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pleading, expert opinion or hearsay?' Crossing boundaries : anthropology,
linguistics, history & law in native title, Perth WA, September 19-20, 2000
Trigger, David 2000 `Experts, documents and lawyers in native title
Serials IND
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Law Bulletin vol.4 no.28 pp.7-9
8
Connection / Continuity
Alpher, Barry 2002 `Can lexicostatistics contribute an absolute time-scale to discussions of continuity of occupation in native title determinations?' Language in native title Canberra : Aboriginal Studies Press
346.043294 HEN
Barlow, Alex 1998 `Continuing Aboriginal cultural connection with country : the case for eastern, southern and south-western Australia' Identity, land and culture in the era of native title : selected essays from the 1996 seminar series of the National Native Title Tribunal Perth, W.A. National Native Title Tribunal
346.043294 IDE
Bartlett, Richard H. 2003 `The denial of native title: a comparative assessment of Australia's museum mentality' Source unknown
P346.043294 BAR
Beckett, Jeremy 2001 `Some aspects of continuity and change among anthropologists in Australia : or 'he-who-eats-from-one-dish-with-us-withone-spoon' Meeting of the Australian Anthropological Society
P346.043294 BEC
Bell, Jeanie 2002 `Linguistic continuity in colonized country' Language in 346.043294 HEN native title Canberra : Aboriginal Studies Press
Blackburn, Kevin 2003 `Mapping Aboriginal nations : the 'nation' concept of late nineteenth century anthropologists in Australia' Aboriginal history vol.26 pp. 130-158
Serials ABOR
Choo, Christine 2002 Historical narrative and proof of native title Canberra 346.043294 LAN : Native Title Research Unit, Australian Institute of Aboriginal and Torres Strait Islander Studies
Cowlishaw, Gillian 1990 `Helping anthropologists: cultural continuity in the constructions of Aboriginalists -Bridging the gap between the state and Aborigines' Canberra Anthropology Vol.13 No.2 p.(1)-28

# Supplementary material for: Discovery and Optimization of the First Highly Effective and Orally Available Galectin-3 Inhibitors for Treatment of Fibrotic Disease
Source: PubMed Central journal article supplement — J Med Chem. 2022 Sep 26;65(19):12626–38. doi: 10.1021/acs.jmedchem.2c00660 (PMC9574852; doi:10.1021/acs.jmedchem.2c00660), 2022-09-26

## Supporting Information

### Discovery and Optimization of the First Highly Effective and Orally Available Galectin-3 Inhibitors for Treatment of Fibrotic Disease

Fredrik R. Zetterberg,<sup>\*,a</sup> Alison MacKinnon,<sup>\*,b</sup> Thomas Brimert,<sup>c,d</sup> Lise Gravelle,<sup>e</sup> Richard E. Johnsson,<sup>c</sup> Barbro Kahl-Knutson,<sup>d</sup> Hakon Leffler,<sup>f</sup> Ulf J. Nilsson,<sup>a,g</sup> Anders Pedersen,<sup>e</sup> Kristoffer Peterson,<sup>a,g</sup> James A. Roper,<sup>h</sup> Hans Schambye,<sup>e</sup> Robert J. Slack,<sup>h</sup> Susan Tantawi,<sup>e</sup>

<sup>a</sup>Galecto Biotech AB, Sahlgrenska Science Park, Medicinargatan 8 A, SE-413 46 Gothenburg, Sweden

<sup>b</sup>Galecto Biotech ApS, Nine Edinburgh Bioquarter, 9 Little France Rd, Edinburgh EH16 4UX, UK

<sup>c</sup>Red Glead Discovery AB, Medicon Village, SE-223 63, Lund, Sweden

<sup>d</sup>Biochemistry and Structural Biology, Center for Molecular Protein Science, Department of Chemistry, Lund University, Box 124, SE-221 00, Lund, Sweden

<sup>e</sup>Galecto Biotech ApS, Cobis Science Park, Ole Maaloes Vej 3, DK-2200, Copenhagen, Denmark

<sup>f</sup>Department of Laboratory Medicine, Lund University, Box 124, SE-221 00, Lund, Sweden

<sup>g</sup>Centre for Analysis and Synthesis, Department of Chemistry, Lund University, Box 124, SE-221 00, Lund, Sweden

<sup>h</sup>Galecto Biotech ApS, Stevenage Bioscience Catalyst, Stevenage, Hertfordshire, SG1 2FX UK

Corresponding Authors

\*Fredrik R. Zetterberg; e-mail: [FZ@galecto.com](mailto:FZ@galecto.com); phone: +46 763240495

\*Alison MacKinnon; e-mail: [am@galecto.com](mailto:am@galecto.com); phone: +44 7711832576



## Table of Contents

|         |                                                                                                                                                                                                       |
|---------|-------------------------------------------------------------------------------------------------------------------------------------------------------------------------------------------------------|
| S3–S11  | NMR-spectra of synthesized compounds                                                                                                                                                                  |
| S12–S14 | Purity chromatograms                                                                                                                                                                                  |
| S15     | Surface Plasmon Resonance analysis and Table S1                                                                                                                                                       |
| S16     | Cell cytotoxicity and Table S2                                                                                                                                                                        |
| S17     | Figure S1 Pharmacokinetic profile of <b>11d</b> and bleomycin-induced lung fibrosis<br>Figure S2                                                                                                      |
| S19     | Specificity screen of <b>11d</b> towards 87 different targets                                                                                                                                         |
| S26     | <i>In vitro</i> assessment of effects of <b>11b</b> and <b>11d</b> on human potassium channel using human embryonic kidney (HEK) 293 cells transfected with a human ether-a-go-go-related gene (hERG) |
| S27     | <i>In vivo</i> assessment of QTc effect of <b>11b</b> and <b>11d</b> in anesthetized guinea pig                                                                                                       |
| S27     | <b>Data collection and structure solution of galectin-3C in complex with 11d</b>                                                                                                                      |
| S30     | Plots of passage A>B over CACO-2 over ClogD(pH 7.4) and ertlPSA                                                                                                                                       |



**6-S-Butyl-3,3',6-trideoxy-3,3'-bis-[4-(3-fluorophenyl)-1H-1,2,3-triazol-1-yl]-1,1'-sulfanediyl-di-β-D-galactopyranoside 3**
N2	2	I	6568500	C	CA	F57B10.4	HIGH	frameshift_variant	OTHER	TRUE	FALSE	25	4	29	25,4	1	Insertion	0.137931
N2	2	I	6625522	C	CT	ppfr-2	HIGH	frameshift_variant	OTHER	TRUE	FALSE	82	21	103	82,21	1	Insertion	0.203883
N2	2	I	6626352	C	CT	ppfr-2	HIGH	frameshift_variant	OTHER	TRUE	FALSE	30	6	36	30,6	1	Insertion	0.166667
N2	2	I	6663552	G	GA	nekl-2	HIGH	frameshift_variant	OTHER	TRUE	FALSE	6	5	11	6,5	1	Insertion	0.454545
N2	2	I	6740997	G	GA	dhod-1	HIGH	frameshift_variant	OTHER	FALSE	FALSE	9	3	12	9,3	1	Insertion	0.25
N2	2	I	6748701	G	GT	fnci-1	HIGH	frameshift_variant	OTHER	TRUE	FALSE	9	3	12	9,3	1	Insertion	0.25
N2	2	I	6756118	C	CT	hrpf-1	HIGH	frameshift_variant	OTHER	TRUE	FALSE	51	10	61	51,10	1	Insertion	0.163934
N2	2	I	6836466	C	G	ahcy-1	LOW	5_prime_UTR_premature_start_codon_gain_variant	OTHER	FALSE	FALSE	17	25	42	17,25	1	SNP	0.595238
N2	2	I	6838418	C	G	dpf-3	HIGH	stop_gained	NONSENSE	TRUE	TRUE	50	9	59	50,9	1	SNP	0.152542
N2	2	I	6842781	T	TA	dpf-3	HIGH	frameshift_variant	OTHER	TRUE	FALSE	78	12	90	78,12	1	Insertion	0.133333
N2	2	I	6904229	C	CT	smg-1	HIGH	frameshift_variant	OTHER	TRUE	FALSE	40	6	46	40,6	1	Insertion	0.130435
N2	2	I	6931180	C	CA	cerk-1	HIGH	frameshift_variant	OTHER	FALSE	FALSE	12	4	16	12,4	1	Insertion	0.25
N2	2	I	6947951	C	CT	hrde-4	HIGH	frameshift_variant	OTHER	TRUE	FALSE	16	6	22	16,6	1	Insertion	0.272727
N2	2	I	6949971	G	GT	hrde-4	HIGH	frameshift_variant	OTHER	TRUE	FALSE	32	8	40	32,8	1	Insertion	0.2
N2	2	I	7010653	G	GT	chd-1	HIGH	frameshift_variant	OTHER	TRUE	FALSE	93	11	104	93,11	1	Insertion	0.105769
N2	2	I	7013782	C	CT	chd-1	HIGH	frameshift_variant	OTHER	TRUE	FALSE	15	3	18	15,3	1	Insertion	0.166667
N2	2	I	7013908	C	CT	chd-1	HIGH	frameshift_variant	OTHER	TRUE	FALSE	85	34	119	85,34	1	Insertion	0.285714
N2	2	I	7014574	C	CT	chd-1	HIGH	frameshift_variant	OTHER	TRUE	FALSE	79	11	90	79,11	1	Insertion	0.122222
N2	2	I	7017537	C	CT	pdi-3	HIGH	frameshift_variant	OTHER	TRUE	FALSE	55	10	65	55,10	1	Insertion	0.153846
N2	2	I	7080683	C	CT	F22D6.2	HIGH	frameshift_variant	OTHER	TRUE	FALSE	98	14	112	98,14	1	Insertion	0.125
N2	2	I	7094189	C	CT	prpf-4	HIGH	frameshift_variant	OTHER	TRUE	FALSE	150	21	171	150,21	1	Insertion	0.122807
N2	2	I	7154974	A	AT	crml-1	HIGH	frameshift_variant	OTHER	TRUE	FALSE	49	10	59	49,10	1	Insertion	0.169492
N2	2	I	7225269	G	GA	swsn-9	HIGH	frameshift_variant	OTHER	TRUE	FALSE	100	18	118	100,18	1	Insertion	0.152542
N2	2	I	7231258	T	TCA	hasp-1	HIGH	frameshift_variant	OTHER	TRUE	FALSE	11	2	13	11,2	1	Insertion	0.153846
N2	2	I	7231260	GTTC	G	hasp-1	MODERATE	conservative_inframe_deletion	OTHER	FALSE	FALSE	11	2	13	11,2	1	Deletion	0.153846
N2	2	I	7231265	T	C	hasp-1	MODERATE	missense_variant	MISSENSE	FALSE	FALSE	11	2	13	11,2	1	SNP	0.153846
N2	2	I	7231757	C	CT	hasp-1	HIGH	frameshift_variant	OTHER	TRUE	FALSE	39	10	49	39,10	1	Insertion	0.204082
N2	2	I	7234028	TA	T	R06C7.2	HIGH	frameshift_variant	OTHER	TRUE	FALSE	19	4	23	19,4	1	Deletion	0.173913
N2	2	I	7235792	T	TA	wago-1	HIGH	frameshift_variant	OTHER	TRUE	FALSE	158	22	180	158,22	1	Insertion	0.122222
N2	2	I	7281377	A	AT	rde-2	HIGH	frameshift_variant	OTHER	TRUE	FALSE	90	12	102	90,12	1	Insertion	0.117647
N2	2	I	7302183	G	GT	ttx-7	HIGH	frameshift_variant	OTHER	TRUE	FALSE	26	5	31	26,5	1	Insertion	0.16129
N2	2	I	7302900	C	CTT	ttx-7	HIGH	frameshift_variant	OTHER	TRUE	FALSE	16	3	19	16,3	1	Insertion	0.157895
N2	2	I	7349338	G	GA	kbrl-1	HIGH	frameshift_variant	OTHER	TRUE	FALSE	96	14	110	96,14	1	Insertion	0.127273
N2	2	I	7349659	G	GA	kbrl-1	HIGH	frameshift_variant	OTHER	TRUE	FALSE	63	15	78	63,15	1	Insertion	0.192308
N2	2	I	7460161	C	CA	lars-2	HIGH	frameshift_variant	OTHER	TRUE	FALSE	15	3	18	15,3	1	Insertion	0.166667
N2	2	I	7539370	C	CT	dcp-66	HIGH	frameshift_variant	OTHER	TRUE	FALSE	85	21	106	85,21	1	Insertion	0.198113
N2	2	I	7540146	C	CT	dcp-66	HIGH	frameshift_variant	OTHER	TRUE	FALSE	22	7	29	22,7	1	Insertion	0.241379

Finlayson, Julie 2001 `Anthropology and connection reports in native title 346.043294 NAT claim applications' Negotiating country : Native Title Forum, Brisbane, 1-3 August 2001 Perth, WA : The Tribunal
Finlayson, Julie, Rigsby B, and Bek, H.J. (eds) 1999 Connections in Native Title : genealogies, kinship and groups Canberra : Centre for Aboriginal Economic Policy Research, Australian National University
346.043294 FIN
Finlayson, Julie 1997 The proof of continuity of native title Canberra : Native Titles Research Unit, Australian Institute of Aboriginal and Torres Strait Islander Studies
346.043294 LAN
Glaskin, Katie 2003 `Native title and the 'bundle of rights' model : implications for the recognition of Aboriginal relations to country' Anthropological Forum vol.13 no.1 pp. 67-88
Serials ANT
Hiley, Graham 2001 `Connection reports' Native title news vol.5 no.6 pp.105
Serials ­ NAT
Keen, Ian 1999 Cultural continuity and native title claims Canberra : Native Title Research Unit, Australian Institute of Aboriginal and Torres Strait Islander Studies
346.043294 LAN
9
Keen, Ian 1998 `Theories of Aboriginal cultural continuity and native title applications in Australia' Identity and gender in hunting and gathering societies : papers presented at the Eighth International Conference on Hunting and Gathering Societies (CHAGS 8), National Museum of Ethnology, October 1998
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Keen, Ian 1998 `Norman Tindale and me : anthropology, genealogy, authenticity' Connections in Native Title: Genealogies, Kinship and Groups p.(99)-106
Macdonald, Gaynor 2001 `Does 'culture' have 'history'? Thinking about continuity and change in central New South Wales' Aboriginal history vol.25 pp. 176-199
Serials ABOR
Morgan, Monica 2002 `Yorta Yorta : the community's perspective on the treatment of oral history' Through a smoky mirror : history and native title Canberra : Aboriginal Studies Press